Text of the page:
Solipsistic Storytelling: A Mini-Manifesto
When I first started this newest version of Parentheticals, I called myself a “Transmedia Storyteller”. I was in love with the newly-discovered word “transmedia”, because it seemed to fit well with my desire to not be pinned down to any one storytelling form or place. After all, I reasoned, look at all the places I’d been using my storytelling superpowers over the years: elaborate pass-back-and-forth notes to friends, formal fiction writing, fan fiction, ‘zines, academic papers and theses, teaching, survival guides, blogs, web copywriting...and that’s just the textual stuff (I might also include photography, video, painting, scrapbooking, etc). But recently the term “transmedia” has come to stand in for a whole new art form (or some would say, marketing toolbox), and there have been a multitude of opinions as to what constitutes “real” transmedia and what is just the latest marketing buzzword, and all of a sudden the term doesn’t seem so fun to play with anymore, and the risk of being misunderstood greater.
So I have been thinking about what new term I could use to replace “transmedia”. (I’m sure there are plenty; in fact I reserve the right to change it every couple weeks or at least as often as the mood strikes me.) The one that appealed to me first was “solipsistic”. Officially, solipsistic means “the view or theory that self is the only object of real knowledge or the only thing that is real,” but it also has connotations of selfishness or “extreme preoccupation with and indulgence of one's feelings, desires, etc.; egoistic self-absorption.” I’m fond of alliteration, so that may be why it popped up in the first place, but I also do relate to the connotations of navel-gazing (isn’t that basically what a personal blog is?). I flinch at the “extreme” part of “extreme preoccupation”, but honestly, part of my personal journey has been realizing that I actually need to spend just as much if not more time looking in and at myself (and learning from that), as I do looking out and at others (not to mention at groups and systems). That’s been kind of a radical realization for me. Look at myself? Talk about myself? How assumptive! How selfish!
It’s hard to overcome the fear of being called “selfish”. As a woman, as an often outwardly-focused extrovert, as a Jew, as a mom, as someone raised with positive ideals of charity and service to others, and especially as someone who spent a whole lot of time in higher academia (and after) being mentally and emotionally whacked around by realizations of my own privilege(s), it’s risky to declare “no, hold on, I want to be selfish for awhile, and value my own story and life experience as having something to teach me, and possibly even others.”
But I know there are many truths and epiphanies to be mined from my own experience, and I have to believe that my own experience and life is just as valuable and valid as anyone else’s. Like it or not, the truth is that when I look at it clearly, drawing from my own specific, unique story is at the heart of most every kind of good storytelling I have ever done--and isn’t it at the heart of all storytelling?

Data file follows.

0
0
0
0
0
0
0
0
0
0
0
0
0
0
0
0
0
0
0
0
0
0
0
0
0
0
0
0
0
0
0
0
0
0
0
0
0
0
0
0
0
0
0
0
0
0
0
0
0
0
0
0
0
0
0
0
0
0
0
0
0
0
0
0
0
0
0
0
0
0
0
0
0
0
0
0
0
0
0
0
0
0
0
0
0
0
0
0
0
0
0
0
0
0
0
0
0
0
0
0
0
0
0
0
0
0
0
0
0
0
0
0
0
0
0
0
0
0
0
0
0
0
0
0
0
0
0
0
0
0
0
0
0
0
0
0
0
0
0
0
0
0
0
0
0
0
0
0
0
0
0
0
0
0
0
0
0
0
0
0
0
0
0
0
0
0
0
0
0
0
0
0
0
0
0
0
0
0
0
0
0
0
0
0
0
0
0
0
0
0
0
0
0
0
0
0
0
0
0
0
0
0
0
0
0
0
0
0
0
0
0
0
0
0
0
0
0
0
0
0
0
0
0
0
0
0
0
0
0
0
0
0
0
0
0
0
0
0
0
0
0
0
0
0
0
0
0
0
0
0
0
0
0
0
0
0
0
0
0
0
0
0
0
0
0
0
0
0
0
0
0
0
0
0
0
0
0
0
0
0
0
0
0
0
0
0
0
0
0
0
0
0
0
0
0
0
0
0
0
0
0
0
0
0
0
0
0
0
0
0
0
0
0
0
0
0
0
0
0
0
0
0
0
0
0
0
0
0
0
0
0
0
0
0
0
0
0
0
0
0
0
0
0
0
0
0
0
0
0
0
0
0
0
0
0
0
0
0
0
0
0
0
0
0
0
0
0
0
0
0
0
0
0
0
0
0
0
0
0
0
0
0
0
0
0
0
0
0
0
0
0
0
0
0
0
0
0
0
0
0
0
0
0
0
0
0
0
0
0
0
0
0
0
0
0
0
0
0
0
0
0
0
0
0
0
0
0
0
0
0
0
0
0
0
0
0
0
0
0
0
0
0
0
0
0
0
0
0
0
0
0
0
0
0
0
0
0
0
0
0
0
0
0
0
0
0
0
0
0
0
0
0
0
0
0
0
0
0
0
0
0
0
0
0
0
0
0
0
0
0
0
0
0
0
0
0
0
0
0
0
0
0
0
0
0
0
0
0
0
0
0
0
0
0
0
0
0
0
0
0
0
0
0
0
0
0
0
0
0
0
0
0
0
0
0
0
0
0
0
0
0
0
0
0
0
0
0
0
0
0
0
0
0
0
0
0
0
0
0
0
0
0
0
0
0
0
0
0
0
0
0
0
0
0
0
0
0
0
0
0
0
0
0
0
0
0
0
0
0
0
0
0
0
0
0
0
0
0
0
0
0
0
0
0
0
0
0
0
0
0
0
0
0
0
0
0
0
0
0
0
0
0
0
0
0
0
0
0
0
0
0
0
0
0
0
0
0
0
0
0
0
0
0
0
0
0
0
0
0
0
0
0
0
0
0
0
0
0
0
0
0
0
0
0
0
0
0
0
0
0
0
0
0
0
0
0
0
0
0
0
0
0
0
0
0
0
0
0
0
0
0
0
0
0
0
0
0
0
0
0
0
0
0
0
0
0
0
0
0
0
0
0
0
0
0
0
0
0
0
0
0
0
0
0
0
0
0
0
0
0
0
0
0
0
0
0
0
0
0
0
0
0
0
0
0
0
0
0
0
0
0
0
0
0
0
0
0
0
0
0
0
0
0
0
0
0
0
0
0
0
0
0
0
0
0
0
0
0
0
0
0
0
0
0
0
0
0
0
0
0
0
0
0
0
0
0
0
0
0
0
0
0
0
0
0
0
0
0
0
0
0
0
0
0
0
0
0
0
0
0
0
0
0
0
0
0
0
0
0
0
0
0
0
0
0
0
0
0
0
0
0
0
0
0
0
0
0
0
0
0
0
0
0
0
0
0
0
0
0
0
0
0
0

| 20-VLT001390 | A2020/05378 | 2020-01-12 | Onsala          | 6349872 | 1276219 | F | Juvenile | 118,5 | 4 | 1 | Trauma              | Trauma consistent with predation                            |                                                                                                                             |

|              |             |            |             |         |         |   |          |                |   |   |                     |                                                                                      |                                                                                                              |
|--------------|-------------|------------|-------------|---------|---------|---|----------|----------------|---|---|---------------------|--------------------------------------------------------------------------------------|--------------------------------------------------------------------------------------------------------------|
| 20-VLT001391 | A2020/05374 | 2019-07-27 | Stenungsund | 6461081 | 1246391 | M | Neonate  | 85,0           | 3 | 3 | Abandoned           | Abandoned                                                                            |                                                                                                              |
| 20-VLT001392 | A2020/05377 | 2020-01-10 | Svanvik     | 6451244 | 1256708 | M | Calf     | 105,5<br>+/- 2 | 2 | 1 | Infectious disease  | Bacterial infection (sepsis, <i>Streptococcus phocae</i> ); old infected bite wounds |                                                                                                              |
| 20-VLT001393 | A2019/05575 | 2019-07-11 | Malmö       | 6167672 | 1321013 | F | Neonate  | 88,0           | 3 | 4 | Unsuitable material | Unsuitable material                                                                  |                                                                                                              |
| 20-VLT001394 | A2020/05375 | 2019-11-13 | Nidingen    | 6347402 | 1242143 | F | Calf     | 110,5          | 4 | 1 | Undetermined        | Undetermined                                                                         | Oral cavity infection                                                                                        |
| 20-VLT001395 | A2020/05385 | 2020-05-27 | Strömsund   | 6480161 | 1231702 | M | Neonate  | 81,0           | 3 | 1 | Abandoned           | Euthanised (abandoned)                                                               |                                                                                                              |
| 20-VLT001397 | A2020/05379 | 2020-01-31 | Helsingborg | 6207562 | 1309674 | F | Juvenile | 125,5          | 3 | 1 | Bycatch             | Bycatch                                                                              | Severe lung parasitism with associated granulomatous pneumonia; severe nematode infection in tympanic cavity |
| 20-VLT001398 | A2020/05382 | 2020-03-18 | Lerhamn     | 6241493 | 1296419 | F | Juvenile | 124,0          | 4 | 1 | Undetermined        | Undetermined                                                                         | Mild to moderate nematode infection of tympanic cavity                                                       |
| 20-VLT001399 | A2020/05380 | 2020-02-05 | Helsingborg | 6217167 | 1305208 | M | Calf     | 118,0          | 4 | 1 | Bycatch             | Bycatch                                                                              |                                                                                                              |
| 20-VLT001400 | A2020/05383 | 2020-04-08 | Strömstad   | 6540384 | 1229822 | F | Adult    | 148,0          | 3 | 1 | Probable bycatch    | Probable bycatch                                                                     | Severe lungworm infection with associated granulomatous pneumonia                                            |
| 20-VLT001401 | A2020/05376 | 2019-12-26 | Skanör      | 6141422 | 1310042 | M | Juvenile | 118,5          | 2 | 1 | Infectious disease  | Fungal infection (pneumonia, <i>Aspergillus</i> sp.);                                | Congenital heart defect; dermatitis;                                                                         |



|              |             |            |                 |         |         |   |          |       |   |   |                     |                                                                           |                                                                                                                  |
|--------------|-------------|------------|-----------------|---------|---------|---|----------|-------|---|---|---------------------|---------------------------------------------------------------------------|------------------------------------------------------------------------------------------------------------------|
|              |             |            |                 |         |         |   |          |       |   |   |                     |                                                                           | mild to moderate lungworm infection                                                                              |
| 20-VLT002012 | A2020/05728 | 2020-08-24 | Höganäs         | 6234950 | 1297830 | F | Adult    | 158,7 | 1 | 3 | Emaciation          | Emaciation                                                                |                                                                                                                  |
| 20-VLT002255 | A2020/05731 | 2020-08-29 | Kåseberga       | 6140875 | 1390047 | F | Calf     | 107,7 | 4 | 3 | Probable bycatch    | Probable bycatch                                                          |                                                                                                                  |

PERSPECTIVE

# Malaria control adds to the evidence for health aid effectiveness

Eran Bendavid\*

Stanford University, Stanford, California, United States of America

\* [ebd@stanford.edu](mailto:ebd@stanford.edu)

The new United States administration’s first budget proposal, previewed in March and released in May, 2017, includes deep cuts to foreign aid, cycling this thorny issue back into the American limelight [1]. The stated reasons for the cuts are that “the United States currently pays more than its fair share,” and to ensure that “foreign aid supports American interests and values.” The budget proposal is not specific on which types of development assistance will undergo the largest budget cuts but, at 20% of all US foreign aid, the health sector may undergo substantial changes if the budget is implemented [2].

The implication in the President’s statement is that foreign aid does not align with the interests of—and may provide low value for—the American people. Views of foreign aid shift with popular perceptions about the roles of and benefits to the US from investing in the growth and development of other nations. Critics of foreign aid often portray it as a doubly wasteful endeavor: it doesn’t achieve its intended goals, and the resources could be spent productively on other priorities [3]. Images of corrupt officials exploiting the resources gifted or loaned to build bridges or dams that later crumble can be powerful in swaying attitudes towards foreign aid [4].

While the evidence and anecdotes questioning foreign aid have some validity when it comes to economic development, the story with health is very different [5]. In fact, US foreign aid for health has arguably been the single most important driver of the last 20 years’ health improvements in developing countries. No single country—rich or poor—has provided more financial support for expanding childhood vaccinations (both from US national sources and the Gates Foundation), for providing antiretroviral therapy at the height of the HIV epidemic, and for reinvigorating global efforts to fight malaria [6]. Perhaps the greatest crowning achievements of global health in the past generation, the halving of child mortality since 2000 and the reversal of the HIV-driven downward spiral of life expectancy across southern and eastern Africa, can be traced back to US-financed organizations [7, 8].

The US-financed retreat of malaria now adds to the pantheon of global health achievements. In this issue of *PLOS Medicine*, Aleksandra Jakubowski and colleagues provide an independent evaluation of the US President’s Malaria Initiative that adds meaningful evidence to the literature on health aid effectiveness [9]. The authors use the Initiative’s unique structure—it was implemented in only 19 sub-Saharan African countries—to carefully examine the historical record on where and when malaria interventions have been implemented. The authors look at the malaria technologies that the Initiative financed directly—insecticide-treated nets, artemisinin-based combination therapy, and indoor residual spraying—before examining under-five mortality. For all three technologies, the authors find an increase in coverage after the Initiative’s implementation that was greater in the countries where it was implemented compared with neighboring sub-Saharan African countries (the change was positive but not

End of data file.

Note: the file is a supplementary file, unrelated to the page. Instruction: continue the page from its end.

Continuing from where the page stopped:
One of the big life-lessons I’m in the process of learning (over and over) is that one’s own experience, one’s own story, *is* what is real. It’s all that is real. It’s all that we have; contained within it is all that we need. Life is story; life is art--and each of us an artist. And the more each of us can stand clearly and firmly in the center of our own real and unique stories and own them--with curiosity and compassion, but without judgment or expectations--the more powerful we are, and the more we are each able to appreciate and respect other people’s uniqueness. And once we get there, to that clear, stable, solid centered place, why then, then we can bring our beautifully varied and flavored uniquenesses together into kickass, creative, collaborative, solve-all-the-world’s-problems kind of teams. We are all different (yes, I get reminded of _Life of Brian_ whenever I say that), and we all have something specific and unique that we are able--some might even say required--to contribute to a bigger perspective. If we can’t know the individual parts, how can we ever know the whole? And knowing the whole is a good goal, in my opinion.
I think, therefore, that I will reclaim the term “solipsistic”, rescue it from its faintly negative whiff of selfishness (and what’s so wrong about selfishness, anyway? Like everything else, it surely has its light as well as dark sides--I’ll be championing the light side, of course). I will be assumptive. I will assume that solipsism is a good thing, and that who I am and what I have experienced is important and worth sharing. I will couple positive selfishness with empathy and desire for connection, and see where that gets me. Hopefully it’ll get me to one of those kickass collaborative teams at some point...but first up: “know thyself”. Solipsism rules.